#1. Clip Shows--While I can grudgingly accept differences of opinion among fans on most episodes, the biggest head scratcher for me is that the not-even-trying clip show episodes chock full of clunky flashbacks aren't at the bottom tier of everybody's list. Yes, I get that a show like "MacGyver" needed a few low-budget hours now and then to stretch the season's budget into 22ish episodes, but any episode of "MacGyver" that appears to have cost less to produce than your average high school musical belongs in the 130s...the HIGH 130s! Highlander made a good point on her blog that these flashback episodes can be fun to watch the first time to see which episodes they flash back to but don't hold up well at all to repeat viewings. That's generally true but the writers all too often screw up the context of the original scenes in the exposition for the flashbacks, such as in "Hind-Sight" where Pete said he "sent MacGyver on that assignment" leading up to the scene from "Passages" where he got tossed off the parking garage. No you didn't, Pete....MacGyver simply had the common sense to step out of the way of a tear gas bomb and pursue the guy who attacked them while you were standing in the middle of it! Even though I didn't like "Unfinished Business", I won't categorize that with "Friends" and "Hind-Sight" in that at least there were some production values and a credible action plot. Whatever the case, these episodes are a chore to sit through and the only thing that can be said in their favor is that without "Friends" they might not have been able to afford "The Road Not Taken" and "Pirates" in season 2 and without "Hind-Sight" they may not have been able to afford "Eye of Osiris" in season 6.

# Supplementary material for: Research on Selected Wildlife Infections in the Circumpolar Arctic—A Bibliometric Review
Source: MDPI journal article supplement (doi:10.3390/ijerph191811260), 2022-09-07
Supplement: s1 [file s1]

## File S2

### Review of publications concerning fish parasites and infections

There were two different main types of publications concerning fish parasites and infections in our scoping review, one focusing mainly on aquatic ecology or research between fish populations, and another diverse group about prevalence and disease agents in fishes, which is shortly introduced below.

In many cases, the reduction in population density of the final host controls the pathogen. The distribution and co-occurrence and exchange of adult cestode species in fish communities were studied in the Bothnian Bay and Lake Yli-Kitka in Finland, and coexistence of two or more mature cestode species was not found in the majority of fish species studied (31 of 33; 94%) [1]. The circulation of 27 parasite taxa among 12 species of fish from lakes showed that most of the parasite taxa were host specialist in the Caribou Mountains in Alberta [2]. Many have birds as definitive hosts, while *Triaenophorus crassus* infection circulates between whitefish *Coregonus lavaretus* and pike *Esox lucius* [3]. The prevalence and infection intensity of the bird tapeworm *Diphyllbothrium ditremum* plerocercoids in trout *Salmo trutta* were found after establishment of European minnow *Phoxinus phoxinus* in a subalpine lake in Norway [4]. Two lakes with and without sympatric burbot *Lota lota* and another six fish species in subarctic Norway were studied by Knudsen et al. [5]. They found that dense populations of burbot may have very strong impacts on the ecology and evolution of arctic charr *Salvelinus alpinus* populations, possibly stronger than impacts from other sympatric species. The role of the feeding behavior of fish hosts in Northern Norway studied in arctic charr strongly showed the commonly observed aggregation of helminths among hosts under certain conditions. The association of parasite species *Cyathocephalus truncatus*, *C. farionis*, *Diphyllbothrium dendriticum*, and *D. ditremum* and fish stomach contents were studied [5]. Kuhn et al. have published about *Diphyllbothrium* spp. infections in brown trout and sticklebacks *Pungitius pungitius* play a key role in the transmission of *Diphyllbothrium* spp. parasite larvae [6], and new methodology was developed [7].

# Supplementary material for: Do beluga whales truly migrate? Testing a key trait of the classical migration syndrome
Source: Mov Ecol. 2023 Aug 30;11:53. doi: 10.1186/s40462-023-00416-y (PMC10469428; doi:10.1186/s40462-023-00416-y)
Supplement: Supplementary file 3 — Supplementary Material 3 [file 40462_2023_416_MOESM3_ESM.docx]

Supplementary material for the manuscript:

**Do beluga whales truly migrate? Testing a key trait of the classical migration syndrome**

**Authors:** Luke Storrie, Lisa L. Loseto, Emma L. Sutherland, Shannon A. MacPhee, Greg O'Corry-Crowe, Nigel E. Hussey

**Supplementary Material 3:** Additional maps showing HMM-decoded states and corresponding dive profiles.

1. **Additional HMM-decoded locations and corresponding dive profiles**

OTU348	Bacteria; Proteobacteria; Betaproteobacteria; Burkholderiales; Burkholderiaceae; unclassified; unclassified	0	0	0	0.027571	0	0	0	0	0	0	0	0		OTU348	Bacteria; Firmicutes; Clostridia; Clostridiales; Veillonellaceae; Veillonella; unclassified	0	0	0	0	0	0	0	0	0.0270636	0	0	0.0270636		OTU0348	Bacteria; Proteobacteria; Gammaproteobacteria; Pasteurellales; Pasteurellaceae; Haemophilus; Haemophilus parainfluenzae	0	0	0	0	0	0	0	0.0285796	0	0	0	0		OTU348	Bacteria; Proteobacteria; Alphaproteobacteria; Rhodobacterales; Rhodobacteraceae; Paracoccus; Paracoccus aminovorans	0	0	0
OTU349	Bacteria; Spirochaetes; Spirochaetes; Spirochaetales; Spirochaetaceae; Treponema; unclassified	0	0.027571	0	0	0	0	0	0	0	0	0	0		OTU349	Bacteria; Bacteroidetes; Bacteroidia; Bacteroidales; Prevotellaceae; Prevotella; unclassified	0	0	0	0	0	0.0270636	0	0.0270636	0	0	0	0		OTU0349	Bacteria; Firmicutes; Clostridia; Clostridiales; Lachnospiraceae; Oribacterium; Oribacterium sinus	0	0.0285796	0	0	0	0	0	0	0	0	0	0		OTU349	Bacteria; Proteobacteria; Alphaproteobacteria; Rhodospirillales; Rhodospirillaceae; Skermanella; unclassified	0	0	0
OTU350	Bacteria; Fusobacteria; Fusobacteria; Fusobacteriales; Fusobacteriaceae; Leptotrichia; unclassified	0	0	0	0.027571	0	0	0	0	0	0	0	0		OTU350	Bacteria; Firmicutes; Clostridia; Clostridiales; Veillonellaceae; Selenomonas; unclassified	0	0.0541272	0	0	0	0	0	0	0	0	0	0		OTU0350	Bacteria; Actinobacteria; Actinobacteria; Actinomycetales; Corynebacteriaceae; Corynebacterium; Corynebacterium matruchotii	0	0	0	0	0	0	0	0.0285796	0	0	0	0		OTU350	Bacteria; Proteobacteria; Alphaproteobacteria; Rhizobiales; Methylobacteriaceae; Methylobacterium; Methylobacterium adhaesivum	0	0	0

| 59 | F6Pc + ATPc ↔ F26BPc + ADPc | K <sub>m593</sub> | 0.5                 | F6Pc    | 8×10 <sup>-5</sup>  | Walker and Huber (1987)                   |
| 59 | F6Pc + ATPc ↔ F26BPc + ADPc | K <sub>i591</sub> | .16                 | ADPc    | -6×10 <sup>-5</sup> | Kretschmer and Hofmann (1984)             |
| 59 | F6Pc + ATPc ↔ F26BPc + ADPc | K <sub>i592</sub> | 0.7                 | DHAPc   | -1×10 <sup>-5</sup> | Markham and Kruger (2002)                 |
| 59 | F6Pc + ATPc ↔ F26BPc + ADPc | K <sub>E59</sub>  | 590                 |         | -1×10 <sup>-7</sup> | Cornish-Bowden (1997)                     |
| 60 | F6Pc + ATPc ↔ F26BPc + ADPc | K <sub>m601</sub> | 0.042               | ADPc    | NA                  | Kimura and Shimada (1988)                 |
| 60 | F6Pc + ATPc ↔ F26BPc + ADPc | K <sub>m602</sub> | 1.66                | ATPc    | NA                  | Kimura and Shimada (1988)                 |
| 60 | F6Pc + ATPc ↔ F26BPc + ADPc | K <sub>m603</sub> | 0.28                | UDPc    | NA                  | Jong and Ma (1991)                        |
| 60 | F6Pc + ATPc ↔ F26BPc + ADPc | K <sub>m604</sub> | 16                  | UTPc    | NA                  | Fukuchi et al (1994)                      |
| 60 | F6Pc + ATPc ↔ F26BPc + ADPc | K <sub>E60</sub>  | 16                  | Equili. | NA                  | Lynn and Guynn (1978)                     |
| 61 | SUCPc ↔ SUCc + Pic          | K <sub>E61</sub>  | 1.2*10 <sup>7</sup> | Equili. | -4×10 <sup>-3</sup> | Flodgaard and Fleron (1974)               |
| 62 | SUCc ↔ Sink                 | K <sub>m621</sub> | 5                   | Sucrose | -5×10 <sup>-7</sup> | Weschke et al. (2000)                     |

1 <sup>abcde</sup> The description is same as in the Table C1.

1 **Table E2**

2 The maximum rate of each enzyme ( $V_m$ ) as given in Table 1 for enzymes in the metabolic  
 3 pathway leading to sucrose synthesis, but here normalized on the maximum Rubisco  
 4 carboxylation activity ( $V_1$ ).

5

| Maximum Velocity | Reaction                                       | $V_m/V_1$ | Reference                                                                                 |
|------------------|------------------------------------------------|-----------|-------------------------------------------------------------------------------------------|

And now, as promised, my rankings versus Nick's on a season by season basis. I did these calculations for my own rankings months ago and discovered a few minor surprises.